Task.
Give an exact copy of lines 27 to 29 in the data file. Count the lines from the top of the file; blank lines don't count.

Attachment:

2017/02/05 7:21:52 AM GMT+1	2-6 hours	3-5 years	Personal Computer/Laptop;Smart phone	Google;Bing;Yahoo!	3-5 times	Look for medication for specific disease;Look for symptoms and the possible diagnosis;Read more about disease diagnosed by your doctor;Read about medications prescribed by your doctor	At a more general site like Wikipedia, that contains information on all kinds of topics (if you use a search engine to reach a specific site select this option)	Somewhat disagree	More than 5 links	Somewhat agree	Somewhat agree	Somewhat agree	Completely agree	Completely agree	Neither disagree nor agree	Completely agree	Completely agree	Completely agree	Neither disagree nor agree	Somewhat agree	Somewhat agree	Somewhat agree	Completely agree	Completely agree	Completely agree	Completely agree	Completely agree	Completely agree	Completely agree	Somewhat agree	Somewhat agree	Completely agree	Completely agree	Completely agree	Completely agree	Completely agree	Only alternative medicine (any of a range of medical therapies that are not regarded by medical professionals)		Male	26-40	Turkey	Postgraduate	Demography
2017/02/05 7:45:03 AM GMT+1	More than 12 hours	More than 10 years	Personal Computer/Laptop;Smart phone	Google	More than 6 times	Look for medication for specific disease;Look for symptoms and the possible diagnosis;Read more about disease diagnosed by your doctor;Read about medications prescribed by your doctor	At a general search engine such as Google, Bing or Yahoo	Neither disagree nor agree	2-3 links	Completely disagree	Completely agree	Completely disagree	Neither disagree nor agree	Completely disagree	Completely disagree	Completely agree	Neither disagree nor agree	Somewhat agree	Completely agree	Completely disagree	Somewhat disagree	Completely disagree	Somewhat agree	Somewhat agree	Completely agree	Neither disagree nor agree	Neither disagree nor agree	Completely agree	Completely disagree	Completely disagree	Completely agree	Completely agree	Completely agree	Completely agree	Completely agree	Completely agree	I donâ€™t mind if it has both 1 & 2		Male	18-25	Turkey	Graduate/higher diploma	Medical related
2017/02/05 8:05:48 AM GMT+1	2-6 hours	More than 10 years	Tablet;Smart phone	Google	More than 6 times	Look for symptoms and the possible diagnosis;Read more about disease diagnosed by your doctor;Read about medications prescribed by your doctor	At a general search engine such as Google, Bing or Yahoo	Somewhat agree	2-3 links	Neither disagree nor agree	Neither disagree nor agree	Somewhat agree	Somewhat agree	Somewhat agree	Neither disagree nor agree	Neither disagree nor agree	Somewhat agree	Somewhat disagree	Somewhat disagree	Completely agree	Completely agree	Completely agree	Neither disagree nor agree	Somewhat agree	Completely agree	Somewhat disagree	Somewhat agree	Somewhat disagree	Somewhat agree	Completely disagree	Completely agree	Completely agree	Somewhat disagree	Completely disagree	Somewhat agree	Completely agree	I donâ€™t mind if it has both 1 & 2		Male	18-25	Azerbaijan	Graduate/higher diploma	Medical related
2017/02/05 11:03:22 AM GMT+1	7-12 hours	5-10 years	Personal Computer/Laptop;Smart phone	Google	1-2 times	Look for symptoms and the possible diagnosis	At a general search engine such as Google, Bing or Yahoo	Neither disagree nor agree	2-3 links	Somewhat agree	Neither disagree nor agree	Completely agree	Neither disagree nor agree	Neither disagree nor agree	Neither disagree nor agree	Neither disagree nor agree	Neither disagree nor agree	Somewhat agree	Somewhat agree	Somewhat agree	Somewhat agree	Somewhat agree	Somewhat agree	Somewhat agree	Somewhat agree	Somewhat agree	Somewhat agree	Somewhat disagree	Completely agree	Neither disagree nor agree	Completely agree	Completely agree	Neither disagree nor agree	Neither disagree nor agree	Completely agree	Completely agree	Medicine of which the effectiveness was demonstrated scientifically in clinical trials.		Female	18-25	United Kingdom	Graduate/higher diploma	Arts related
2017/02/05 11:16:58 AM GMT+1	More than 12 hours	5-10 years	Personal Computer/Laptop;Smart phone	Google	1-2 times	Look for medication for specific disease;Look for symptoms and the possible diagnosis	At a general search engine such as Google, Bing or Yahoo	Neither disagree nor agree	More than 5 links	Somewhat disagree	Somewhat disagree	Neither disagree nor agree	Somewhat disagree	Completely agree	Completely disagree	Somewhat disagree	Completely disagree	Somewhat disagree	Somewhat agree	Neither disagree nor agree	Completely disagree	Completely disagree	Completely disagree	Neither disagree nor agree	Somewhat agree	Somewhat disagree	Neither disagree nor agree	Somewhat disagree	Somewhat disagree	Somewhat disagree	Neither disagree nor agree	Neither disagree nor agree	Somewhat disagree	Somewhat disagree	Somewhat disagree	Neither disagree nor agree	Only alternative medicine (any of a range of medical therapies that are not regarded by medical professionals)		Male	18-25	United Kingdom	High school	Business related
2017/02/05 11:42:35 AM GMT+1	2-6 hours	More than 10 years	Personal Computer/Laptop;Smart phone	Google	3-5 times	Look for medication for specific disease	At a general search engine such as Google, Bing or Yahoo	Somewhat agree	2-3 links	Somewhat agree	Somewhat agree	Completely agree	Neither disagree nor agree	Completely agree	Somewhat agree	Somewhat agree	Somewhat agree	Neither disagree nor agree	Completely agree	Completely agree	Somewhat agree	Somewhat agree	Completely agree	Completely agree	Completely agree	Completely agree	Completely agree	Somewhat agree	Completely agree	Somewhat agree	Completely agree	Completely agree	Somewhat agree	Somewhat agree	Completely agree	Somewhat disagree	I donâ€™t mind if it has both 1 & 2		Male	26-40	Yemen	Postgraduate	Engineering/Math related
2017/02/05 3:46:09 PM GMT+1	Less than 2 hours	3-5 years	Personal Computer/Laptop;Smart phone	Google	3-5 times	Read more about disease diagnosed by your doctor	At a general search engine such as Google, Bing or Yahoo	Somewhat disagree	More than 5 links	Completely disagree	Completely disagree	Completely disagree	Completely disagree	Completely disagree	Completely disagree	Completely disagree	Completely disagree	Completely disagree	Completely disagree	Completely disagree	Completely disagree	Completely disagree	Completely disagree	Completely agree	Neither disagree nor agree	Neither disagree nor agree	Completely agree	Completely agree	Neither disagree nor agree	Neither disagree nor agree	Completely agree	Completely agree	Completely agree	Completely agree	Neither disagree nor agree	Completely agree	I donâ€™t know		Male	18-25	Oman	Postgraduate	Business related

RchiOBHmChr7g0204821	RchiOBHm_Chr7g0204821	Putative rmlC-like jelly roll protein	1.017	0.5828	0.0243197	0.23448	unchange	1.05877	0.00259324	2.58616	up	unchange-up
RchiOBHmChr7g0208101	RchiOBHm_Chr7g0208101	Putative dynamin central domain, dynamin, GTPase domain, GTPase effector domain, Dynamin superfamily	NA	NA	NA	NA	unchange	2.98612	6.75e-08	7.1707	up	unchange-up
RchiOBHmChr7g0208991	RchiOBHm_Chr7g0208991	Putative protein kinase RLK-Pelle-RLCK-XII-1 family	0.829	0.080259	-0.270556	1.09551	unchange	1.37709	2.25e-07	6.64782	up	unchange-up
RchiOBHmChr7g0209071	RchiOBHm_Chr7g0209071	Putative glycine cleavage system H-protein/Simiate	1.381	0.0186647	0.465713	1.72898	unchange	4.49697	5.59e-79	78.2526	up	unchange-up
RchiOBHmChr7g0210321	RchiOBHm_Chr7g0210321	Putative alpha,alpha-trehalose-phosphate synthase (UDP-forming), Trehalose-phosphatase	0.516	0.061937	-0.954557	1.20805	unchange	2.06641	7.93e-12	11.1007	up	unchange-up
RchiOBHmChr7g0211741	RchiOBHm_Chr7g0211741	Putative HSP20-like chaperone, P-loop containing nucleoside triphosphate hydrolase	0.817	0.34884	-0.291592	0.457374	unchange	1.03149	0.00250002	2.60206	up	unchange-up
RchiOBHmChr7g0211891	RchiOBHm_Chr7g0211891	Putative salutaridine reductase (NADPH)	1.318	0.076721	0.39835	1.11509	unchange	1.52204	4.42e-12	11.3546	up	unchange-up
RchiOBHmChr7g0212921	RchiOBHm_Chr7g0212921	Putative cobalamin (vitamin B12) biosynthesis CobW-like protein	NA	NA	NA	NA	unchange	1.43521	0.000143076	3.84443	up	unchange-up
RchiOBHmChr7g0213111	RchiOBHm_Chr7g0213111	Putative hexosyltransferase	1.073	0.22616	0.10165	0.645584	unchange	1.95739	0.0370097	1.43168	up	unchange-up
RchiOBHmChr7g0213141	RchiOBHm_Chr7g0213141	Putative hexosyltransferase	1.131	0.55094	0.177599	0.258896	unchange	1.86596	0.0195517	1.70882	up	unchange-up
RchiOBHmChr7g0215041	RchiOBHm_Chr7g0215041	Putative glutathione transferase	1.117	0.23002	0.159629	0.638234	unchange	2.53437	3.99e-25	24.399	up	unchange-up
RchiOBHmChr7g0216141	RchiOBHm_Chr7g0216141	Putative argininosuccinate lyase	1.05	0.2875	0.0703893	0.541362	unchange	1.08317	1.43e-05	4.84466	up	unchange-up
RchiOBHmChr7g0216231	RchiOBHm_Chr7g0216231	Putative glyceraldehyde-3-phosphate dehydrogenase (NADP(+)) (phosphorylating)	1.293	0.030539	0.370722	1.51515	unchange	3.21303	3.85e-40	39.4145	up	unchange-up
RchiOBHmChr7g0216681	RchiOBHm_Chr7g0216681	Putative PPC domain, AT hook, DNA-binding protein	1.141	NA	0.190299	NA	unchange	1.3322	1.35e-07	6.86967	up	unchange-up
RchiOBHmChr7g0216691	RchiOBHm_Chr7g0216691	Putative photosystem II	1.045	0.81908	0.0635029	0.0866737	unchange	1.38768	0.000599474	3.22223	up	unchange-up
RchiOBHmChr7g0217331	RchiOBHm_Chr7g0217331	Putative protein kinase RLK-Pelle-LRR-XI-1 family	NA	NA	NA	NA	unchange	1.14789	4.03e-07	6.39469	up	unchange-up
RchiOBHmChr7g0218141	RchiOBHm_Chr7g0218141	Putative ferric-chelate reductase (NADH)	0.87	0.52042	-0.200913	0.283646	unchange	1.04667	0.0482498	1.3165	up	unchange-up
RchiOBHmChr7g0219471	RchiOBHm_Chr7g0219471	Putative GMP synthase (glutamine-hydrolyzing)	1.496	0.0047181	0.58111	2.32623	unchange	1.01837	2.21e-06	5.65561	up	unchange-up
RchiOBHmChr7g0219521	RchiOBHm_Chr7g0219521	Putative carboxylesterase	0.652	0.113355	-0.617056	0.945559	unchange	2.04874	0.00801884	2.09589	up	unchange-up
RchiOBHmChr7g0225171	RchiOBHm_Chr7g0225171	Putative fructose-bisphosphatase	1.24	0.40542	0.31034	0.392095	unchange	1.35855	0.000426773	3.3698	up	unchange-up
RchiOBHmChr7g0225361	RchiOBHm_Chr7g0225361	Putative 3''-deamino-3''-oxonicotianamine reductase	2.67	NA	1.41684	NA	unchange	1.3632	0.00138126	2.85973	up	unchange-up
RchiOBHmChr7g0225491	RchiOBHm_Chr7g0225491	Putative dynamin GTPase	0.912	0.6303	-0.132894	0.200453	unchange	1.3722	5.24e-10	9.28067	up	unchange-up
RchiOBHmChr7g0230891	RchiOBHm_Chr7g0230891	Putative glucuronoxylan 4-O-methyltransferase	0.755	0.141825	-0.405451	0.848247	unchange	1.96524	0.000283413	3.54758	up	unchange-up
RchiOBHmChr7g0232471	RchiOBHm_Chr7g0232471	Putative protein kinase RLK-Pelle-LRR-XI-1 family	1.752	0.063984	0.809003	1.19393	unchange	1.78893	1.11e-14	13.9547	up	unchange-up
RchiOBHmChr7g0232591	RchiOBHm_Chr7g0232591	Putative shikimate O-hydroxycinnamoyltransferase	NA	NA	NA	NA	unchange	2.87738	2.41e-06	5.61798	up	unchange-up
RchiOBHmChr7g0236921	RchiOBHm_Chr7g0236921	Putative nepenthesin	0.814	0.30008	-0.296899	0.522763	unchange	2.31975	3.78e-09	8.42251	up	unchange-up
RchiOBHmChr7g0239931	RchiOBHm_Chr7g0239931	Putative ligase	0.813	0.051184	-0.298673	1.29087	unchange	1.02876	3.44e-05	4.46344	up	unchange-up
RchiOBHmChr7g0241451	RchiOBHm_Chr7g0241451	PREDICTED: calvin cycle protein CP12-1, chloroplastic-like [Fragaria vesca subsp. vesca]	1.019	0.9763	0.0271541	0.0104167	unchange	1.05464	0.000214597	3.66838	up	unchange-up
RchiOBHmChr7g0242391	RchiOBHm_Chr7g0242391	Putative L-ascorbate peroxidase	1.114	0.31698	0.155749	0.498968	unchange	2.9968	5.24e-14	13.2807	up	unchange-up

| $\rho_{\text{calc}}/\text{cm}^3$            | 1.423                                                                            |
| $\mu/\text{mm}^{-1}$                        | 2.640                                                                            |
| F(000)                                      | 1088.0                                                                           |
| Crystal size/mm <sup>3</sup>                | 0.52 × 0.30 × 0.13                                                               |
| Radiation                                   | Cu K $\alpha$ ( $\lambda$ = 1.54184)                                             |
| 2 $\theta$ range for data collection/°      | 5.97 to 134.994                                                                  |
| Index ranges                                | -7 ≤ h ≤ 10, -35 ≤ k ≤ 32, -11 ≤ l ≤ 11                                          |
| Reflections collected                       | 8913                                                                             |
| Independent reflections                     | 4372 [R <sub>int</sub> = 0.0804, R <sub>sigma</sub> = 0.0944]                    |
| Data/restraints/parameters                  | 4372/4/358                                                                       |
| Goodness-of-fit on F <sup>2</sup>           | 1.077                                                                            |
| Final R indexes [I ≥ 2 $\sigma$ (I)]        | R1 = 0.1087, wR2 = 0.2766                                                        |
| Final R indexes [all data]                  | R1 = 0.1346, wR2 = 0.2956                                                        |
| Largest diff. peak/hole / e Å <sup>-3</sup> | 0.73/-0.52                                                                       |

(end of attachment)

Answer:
RchiOBHmChr7g0225171	RchiOBHm_Chr7g0225171	Putative fructose-bisphosphatase	1.24	0.40542	0.31034	0.392095	unchange	1.35855	0.000426773	3.3698	up	unchange-up
RchiOBHmChr7g0225361	RchiOBHm_Chr7g0225361	Putative 3''-deamino-3''-oxonicotianamine reductase	2.67	NA	1.41684	NA	unchange	1.3632	0.00138126	2.85973	up	unchange-up
RchiOBHmChr7g0225491	RchiOBHm_Chr7g0225491	Putative dynamin GTPase	0.912	0.6303	-0.132894	0.200453	unchange	1.3722	5.24e-10	9.28067	up	unchange-up